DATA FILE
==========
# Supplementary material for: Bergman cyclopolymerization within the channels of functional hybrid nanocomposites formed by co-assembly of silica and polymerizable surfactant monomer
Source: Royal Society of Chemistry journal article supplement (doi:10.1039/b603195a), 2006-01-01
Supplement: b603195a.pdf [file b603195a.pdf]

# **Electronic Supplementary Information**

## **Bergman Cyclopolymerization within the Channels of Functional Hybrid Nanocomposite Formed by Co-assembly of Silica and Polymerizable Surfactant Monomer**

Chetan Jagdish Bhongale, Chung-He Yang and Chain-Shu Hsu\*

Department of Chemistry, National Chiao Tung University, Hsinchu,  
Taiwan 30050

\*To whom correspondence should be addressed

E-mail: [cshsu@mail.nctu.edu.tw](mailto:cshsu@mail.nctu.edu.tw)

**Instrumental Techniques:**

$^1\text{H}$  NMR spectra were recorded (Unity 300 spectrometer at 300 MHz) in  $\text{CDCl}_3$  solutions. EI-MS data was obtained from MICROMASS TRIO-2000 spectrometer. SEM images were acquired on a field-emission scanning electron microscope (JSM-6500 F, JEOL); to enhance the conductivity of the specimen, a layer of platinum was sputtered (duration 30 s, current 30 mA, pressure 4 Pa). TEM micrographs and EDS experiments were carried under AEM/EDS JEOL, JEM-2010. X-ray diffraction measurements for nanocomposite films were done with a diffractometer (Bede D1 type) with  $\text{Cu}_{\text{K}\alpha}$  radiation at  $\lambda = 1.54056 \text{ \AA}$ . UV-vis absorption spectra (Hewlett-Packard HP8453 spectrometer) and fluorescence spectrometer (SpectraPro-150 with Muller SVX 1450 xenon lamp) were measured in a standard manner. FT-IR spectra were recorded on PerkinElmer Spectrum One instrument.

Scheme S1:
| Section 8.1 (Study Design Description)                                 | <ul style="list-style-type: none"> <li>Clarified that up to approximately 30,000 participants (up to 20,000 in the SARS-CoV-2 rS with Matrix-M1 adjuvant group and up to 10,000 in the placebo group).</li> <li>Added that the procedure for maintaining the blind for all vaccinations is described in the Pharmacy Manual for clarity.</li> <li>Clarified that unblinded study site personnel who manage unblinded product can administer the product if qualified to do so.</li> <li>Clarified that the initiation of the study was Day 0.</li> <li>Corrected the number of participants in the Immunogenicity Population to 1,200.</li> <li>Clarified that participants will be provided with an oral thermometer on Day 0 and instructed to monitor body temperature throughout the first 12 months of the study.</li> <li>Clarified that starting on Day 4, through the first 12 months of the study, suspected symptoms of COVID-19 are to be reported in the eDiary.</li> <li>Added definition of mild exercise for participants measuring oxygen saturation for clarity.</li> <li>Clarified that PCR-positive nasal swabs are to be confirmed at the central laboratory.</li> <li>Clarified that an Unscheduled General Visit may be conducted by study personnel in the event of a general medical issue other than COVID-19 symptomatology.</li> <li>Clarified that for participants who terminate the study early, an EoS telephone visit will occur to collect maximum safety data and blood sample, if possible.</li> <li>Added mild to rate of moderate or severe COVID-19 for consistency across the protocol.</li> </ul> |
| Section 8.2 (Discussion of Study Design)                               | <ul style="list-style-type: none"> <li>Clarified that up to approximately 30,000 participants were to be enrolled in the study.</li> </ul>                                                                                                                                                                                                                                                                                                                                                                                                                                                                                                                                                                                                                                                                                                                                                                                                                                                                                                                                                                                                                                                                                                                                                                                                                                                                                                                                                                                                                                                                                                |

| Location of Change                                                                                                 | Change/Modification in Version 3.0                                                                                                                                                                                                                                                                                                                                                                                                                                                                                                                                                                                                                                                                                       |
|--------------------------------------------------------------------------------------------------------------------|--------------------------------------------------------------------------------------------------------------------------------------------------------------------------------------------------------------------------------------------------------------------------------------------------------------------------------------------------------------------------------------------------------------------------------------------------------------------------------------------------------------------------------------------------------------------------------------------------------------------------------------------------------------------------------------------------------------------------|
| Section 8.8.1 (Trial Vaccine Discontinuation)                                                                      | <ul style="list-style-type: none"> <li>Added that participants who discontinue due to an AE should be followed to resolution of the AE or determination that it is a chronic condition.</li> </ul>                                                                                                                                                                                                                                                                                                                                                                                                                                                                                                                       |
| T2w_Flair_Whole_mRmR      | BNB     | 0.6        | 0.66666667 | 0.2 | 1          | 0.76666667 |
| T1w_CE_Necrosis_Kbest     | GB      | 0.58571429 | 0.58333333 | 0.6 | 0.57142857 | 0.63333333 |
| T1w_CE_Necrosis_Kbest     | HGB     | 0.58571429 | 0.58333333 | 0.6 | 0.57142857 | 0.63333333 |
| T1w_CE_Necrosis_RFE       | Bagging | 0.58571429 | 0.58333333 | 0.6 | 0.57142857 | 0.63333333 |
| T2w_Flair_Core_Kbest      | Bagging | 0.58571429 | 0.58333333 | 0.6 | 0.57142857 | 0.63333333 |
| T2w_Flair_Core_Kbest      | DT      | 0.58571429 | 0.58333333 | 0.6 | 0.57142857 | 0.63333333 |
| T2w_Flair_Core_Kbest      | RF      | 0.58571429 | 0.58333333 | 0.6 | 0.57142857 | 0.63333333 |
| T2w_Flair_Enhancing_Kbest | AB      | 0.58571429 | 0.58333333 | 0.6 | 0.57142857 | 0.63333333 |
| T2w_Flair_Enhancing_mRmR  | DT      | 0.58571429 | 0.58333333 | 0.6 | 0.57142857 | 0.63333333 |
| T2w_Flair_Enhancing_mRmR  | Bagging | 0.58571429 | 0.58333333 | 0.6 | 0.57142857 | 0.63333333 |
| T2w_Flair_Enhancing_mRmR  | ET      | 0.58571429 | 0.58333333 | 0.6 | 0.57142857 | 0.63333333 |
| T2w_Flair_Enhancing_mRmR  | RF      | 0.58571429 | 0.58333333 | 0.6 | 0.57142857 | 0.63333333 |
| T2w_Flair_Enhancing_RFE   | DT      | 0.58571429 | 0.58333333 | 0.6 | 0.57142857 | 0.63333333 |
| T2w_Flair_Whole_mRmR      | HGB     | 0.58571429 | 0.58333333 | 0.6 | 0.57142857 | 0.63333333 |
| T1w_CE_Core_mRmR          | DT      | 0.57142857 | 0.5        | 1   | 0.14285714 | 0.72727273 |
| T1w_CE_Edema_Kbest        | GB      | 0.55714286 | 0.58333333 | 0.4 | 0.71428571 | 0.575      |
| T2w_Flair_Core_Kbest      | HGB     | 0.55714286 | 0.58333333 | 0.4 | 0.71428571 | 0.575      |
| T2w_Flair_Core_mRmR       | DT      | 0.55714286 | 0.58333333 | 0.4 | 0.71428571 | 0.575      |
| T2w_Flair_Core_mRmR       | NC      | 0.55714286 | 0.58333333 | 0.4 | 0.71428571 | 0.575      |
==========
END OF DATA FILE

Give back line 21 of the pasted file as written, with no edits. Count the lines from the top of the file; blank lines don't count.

| T1w_CE_Necrosis_Kbest     | HGB     | 0.58571429 | 0.58333333 | 0.6 | 0.57142857 | 0.63333333 |